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Montana Animal Field Guide

Montana Field Guides

Central Bumble Bee - Bombus centralis
Other Names:  Pyrobombus centralis


Global Rank: G5
State Rank: SNR

Agency Status
USFWS:
USFS:
BLM:


 

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General Description
For definitions and diagrams of bumble bee morphology please see the Montana State Entomology Collection's Bumble Bee Morphology page. A small-sized species with a medium-long tongue: queens 16-18 mm, workers 10-13 mm. Head length medium, with cheek slightly longer than broad; mid leg basitarsus with back far corner rounded; outer surface of hind leg tibia flat and without long hair but with long fringes at edges, forming a pollen basket; yellow hair on the upper side of head and anterior part of thorax; T1-2 entirely yellow or with black at front and middle; T3-4 orange; T5-6 mostly black. Male 12-14 mm; eye similar in size and shape to any female bumble bee; antennae medium length with flagellum 2.5-3X longer than scape. hair color pattern similar to queens and workers, although lacks black hairs at back of yellow band on thorax; T3-4 red without any black hairs; T5-7 mostly red to mostly black (Williams et al. 2014).

Phenology
Queens reported across the range from March to October, workers and males from April to September (Williams et al. 2014). In Utah, queens reported March to June, workers March to September, males May to September (Koch et al. 2012). In California, queens reported late April to early September, workers early May to early September, males early June to early October (Thorp et al. 1983). Peak abundance of workers in Palouse Prairie remnants of western Idaho and eastern Washington was during late July (Hatten et al. 2013).

Diagnostic Characteristics
Please see the Montana State Entomology Collection's Key to Female Bumble Bees in Montana. Females distinguished from other Montana Bombus by a combination of concave and shiny outer surface of hind leg tibia with pollen basket present; cheek slightly longer than wide; face with yellow hair; mostly yellow hair on thorax anterior to wind bases; T1-2 yellow and T3-4 orange.

Species Range
Resident Year Round

Recorded Montana Distribution

Click the map for additional distribution information.
Distributional Information Provided in Collaboration with the
Montana Entomology Collection at Montana State University
MTEC at MSU

 


Range Comments
Occurs in the mountain West from Alaska south to southern California and east to the Great Plains; moderately common across much of its range, although generally absent from the coastal mountains and portions of the southwestern deserts. In Colorado, reported between 1900 and 3400 m elevation (Macior 1974). In Montana, reported from the western mountains to the southeastern ponderosa pine woodlands (Williams et al. 2014).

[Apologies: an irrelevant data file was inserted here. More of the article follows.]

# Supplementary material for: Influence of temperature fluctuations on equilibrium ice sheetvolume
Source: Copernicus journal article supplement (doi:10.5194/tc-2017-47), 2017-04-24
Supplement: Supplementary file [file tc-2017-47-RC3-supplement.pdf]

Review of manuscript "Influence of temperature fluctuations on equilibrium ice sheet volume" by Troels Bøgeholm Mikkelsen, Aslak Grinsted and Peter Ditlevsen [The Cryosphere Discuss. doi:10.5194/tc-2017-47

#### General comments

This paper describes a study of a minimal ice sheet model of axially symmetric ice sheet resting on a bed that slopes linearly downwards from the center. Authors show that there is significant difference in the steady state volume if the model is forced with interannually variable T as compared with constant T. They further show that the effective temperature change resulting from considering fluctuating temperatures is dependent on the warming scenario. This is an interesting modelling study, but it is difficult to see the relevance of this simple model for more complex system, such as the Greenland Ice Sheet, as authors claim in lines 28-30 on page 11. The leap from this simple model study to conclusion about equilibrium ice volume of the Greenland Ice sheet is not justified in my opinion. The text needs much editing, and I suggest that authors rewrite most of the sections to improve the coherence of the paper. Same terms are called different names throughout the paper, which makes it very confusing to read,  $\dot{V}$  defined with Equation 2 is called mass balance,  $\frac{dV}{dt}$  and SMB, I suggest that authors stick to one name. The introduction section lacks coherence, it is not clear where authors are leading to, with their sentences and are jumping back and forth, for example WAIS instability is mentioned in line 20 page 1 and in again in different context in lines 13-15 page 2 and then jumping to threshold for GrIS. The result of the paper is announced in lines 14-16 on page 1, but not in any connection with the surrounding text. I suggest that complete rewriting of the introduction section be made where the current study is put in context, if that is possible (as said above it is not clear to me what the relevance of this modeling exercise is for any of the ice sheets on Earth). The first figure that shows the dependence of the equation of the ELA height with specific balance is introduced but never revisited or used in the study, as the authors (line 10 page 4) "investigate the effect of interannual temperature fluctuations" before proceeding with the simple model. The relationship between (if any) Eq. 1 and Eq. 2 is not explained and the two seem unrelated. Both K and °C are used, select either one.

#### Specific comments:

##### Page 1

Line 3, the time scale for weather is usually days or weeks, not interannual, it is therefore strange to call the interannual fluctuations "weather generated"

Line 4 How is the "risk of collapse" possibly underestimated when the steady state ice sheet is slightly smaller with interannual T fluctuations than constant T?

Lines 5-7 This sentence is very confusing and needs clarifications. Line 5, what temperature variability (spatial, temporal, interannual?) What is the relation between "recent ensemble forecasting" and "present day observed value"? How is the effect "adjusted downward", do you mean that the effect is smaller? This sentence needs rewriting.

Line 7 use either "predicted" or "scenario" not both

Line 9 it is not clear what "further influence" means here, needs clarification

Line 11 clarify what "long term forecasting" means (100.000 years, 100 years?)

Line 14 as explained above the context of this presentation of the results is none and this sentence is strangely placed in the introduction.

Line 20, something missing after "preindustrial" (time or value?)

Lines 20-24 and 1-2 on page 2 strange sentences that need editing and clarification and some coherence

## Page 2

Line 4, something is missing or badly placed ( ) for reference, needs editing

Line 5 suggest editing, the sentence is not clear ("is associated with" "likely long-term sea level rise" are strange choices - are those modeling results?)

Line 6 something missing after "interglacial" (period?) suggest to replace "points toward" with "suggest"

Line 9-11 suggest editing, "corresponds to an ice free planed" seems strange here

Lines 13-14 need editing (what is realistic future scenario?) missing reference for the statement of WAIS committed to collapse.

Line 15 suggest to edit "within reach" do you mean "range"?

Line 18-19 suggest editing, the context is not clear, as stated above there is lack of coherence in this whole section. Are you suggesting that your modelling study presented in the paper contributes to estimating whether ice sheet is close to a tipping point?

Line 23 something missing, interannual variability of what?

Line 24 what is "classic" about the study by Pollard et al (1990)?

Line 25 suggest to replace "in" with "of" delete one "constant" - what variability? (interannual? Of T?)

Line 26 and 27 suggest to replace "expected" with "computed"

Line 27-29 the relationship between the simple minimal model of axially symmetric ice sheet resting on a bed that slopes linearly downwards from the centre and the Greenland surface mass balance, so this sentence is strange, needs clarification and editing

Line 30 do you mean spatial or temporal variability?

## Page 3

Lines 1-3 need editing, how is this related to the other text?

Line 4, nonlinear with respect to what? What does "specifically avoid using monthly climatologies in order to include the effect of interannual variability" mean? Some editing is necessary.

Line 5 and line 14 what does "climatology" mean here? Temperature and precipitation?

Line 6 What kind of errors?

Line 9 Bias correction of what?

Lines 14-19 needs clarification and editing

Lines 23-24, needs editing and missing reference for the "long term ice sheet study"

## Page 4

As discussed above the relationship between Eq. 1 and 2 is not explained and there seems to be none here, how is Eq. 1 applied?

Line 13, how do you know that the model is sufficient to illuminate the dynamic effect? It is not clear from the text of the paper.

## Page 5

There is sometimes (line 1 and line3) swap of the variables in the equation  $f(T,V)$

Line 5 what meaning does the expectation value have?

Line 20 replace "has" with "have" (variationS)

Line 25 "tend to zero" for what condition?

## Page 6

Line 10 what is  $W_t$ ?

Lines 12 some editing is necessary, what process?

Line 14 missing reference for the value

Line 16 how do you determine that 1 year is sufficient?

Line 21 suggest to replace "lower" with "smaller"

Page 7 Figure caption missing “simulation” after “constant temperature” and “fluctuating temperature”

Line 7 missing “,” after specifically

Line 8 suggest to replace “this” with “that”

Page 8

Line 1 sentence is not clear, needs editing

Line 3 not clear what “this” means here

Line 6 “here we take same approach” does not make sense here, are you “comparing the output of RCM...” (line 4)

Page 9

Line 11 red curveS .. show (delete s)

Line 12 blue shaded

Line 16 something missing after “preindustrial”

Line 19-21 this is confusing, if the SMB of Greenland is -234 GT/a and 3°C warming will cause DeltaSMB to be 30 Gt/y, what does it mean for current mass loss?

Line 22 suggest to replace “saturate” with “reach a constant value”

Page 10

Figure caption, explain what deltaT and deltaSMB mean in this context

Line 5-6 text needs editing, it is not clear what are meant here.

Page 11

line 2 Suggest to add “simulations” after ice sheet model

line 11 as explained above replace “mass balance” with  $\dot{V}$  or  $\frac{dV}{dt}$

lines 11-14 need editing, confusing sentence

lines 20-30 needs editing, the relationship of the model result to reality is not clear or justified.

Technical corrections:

Habitat
Open grassy prairies and sagebrush steppe to montane and alpine meadows (Macior 1974, Bowers 1985, Norment 1988, Kearns and Oliveras 2009, Cook et al. 2011, Hatten et al. 2013, Williams et al. 2014). Greatest abundance in southern Alberta in irrigated prairie and wooded riparian (Hobbs 1967). A nest in southern Alberta initiated in woods-meadow ecotone (Richards 1978). Relatively rare in commercial highbush blueberry crops in southern British Columbia (Ratti et al. 2008).
Predicted Suitable Habitat Model

This species has a Predicted Suitable Habit Model available.

To learn how these Models were created see http://mtnhp.org/models

Food Habits
Feeds on a variety of flowers, including Aconitum, Allium, Anaphalis, Astragalus, Balsamorhiza, Caragana, Chrysothamnus, Cirsium, Delphinium, Dodecatheon, Epilobium, Ericameria, Erigeron, Eriogonum, Erysimum, Frasera, Geranium, Iris, Linaria, Lupinus, Mertensia, Monardella, Oxytropis, Pedicularis, Penstemon, Phacelia, Ribes, Rosa, Rubus, Rudbeckia, Sisyrinchium, Thermopsis, and Trifolium (Macior 1974, Thorp et al. 1983, Norment 1988, Mayer et al. 2000, Wilson et al. 2010, Williams et al. 2014). Infrequent visitor to commercial Vaccinium in southern British Columbia (Ratti et al. 2008).

Reproductive Characteristics
Nests underground (Hobbs 1967, Williams et al. 2014). Nests initiated mostly in late May to early June in southern Alberta (Hobbs 1967, Richards 1978); the mean number of larvae and pupae of firsts broods was nine. Males, upon emerging, patrol circuits in search of queens. Parasitism of nests by cuckoo bumble bees has not been reported but is likely (see comments in Hobbs 1967).

References
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Citation for data on this website:
Central Bumble Bee — Bombus centralis.  Montana Field Guide.  .  Retrieved on , from